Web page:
A huge part of knowing the market is identifying who the market participants are and getting a hold of the market structure. The forex market is the most massive market by cash volume worldwide, with about $4 trillion worth of currency changing hands daily.
Contrary to regulated stock markets that trade in shares of public companies, the forex market is not centralized, and it is best to see it as a series of fountains or a wedding cake – the most important participants at the top, with trades cascading down.
The largest participants have the best terms and can move the market with their trades. Because the market is so big, it is still hard for any entity to manipulate it. The forex industry works in order of size from the top down.
The central banks are national banks. They are responsible for issuing and lending the national currency. Also, they are at the top of the ‘wedding cake.’
Furthermore, central banks are the ones setting monetary policy like interest rates and increase or reduce the supply of their currency. Also, they have massive reserves of other currencies and stores of value like gold bullion.
And this indicates that they hold several powers that can dramatically move the market in their currency when exercised.
For central banks, it is way easier for them to devalue their currency than to maintain or increase a value. Also, they have a role in lending and giving liquidity to the largest banks that serve their nations.
When these large banks face trouble, the central bank must intervene to clean up any mess.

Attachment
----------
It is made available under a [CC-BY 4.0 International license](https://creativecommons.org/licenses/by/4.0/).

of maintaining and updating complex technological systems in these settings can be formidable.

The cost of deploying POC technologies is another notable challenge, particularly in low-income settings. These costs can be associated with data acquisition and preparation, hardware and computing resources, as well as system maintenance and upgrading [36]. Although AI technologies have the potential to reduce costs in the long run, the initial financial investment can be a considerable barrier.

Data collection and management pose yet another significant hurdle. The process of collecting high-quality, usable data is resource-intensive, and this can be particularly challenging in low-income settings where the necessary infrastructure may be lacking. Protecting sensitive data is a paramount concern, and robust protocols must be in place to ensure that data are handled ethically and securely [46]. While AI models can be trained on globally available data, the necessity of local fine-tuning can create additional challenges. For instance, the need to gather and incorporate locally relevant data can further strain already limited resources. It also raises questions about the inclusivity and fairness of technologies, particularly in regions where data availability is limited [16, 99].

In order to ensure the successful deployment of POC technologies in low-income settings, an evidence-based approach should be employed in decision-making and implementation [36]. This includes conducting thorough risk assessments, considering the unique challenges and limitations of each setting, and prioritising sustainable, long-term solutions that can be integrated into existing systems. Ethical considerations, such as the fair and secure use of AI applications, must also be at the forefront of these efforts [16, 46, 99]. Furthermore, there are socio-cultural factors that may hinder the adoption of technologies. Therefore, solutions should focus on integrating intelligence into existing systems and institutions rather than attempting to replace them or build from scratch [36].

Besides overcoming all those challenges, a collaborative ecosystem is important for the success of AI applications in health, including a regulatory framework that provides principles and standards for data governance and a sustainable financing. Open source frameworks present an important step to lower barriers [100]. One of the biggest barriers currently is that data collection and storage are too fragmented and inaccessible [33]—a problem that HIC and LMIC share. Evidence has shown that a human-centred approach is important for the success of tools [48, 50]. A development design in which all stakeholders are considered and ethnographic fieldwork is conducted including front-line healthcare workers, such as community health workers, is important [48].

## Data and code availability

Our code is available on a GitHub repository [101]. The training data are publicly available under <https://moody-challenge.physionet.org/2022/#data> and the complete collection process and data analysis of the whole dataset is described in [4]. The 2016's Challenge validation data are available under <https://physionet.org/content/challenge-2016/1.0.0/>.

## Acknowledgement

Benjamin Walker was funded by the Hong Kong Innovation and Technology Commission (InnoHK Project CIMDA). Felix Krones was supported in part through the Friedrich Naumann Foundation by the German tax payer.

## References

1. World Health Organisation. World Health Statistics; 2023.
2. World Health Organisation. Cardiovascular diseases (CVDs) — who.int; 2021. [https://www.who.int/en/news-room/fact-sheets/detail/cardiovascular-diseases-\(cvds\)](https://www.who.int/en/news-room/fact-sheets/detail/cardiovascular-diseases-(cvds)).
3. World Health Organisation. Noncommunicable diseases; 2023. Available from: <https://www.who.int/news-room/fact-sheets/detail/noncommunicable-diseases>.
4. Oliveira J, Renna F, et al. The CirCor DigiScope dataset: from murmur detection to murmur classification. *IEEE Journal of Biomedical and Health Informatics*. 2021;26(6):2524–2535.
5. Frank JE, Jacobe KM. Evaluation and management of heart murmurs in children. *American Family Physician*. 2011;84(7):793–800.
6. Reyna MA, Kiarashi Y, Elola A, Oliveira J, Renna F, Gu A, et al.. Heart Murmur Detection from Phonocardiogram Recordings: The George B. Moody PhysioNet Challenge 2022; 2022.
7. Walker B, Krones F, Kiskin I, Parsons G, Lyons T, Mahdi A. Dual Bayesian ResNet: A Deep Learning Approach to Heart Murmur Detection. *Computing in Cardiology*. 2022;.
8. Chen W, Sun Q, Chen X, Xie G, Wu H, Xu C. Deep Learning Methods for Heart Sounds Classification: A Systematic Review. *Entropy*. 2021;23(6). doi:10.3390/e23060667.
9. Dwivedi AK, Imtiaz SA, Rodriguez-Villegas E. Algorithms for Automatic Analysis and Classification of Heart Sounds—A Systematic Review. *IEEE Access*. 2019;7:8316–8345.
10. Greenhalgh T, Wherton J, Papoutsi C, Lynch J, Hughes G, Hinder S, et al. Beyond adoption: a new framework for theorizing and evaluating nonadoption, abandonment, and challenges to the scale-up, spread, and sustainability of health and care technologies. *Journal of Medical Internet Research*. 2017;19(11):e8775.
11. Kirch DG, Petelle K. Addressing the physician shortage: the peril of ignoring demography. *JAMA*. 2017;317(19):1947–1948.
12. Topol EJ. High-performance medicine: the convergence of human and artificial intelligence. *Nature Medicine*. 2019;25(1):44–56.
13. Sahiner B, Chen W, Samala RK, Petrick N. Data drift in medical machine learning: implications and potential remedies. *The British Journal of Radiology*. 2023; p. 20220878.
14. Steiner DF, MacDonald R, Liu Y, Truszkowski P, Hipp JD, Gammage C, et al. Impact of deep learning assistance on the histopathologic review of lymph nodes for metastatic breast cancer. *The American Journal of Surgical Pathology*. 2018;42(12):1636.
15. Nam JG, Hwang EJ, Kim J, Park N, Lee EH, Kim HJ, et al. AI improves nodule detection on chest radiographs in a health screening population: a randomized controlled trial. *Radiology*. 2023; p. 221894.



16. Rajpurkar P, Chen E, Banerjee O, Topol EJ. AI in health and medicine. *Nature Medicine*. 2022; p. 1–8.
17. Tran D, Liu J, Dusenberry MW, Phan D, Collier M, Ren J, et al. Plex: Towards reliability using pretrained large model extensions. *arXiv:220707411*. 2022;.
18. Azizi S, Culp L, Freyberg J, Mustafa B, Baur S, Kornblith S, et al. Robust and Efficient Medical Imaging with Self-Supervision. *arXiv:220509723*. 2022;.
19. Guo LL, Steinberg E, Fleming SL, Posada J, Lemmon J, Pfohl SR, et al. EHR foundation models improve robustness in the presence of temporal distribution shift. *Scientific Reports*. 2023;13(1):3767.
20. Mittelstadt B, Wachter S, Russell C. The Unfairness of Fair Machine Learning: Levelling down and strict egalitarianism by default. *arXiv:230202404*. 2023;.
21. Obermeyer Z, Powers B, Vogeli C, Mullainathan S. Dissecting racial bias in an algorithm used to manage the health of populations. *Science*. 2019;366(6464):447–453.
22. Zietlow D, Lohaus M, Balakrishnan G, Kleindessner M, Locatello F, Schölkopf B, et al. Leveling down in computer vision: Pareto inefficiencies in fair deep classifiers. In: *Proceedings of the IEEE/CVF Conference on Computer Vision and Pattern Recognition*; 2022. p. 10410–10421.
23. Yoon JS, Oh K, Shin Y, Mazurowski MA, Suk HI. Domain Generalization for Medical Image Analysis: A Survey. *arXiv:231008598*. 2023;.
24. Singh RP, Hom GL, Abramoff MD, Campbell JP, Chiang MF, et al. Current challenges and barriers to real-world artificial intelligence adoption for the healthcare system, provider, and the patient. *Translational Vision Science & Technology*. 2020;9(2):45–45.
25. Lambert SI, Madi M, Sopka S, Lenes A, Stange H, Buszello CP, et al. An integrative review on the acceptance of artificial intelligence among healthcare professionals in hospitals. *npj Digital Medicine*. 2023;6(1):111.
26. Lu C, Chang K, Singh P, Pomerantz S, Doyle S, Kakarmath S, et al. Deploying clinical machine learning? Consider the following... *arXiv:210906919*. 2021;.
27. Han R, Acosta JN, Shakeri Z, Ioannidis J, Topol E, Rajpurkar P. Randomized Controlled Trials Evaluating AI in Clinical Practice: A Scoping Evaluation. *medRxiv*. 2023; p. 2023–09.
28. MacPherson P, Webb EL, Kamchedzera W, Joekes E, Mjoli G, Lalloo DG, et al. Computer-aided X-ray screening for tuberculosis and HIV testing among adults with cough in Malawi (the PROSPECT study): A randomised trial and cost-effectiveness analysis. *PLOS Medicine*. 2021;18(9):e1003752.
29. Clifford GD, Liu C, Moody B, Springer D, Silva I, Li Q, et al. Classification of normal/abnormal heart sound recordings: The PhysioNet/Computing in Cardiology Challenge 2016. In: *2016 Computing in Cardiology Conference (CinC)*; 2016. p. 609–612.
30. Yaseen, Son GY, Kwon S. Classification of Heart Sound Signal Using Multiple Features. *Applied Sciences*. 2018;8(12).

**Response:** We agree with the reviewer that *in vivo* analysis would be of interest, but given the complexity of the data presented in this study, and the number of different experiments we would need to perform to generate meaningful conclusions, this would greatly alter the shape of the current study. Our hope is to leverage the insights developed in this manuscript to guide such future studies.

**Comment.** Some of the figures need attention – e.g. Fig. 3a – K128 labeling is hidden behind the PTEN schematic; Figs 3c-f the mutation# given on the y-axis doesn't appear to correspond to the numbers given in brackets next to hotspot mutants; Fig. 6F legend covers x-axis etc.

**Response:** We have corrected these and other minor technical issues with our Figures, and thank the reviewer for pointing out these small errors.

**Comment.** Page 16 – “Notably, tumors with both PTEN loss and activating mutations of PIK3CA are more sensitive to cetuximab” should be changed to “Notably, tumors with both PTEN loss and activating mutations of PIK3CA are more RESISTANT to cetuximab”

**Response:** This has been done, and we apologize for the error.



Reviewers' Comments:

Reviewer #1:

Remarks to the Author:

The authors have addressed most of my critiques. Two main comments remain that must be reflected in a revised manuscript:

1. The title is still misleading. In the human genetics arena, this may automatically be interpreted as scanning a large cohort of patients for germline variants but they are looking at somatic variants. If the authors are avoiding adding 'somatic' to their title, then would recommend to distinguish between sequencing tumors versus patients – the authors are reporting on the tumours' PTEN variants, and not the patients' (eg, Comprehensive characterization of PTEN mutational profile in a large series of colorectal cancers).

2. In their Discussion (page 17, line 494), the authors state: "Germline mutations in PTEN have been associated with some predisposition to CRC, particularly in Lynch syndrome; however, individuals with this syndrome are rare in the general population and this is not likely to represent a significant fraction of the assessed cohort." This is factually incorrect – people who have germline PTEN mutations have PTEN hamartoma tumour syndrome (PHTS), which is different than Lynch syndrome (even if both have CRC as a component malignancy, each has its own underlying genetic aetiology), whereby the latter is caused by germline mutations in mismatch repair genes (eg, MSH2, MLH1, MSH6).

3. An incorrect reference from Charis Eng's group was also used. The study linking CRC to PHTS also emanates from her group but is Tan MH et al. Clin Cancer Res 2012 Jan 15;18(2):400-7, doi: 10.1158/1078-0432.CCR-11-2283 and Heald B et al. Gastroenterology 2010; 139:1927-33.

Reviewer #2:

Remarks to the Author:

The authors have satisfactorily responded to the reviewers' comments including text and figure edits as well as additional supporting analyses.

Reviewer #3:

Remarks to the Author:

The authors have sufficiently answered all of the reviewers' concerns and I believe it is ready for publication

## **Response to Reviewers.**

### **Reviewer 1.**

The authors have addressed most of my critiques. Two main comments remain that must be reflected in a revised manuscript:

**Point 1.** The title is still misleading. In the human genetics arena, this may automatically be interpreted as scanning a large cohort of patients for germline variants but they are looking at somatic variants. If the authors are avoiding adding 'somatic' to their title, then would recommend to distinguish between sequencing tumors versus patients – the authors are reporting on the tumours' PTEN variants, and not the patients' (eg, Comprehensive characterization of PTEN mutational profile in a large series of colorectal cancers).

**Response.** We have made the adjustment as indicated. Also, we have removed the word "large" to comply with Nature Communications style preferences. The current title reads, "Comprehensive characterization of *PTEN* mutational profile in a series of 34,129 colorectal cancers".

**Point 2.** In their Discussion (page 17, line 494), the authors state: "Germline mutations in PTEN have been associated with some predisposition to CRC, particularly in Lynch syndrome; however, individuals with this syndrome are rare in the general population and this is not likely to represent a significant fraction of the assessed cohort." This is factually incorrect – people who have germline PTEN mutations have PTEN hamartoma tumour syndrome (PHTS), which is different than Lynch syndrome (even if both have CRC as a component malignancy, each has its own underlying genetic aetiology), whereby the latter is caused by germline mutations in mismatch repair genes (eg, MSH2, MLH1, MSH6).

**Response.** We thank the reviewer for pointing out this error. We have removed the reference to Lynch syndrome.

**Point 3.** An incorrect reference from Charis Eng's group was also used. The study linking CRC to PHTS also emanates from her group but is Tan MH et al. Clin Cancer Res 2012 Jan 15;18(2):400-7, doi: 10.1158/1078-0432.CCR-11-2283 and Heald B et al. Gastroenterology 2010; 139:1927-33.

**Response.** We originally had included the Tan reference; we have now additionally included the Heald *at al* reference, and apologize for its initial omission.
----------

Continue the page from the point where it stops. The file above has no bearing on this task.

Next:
Most of the time, people trade market volume in the interbank market – between banks. Banks trade for themselves and their clients. Then, the ‘big four’ (Citibank at 12%, JP Morgan and HSBC at 8.8%, and Deutsche Bank at 7.9%) dominates the interbank market.
For themselves, they trade as a speculative venture (but the size of this business is decreasing) and establish their inventory of currency and be a dealer to huge, professional market participants.
As dealers, banks profit from the bid or ask spreads they implement on exchange rates quoted to their clients.
Investment Managers and Hedge Funds
The most significant customers of the banks are speculative hedge funds and managers of other investment vehicles.
They might want to exchange currencies for financing purchases of securities denominated in currencies that they do not own, hedge against risk in possible fluctuations in currency exchange rates, which could severely affect their portfolios of securities, or to speculate upon such fluctuations for profit.
As hedge funds trade in an enormous volume and gain much publicity, the pension fund industry accounts for a bigger total of assets under management.
But while their trading style tends to be more conservative, hedge funds are more significant risk-takers that typically become an immense influence upon the forex market.
Similar to investment managers and hedge funds, corporations deal with banks. More giant corporations often deal with the larger banks directly.
Then, smaller businesses will work with smaller banks. Forex brokers are corporations and belong in this niche in the chain of dealing. Plenty of corporations are multinational or at least interested in international trade.
And even if they do not, their profits are open to the risk of fluctuations in currency exchange rates.
Unfortunately, this is the very bottom of the cake – trading on worse terms compared to any other listed above. Also, they need retail forex brokerages to trade. And these brokers might not be hedging their risk on their trades.
If they are, they will often use a bank for their forex dealing. In turn, it will use another bank, which might finally have behind it one of the ‘big four’ or tier 1 banks.
For each level, the prices, spreads, and others will gradually worsen.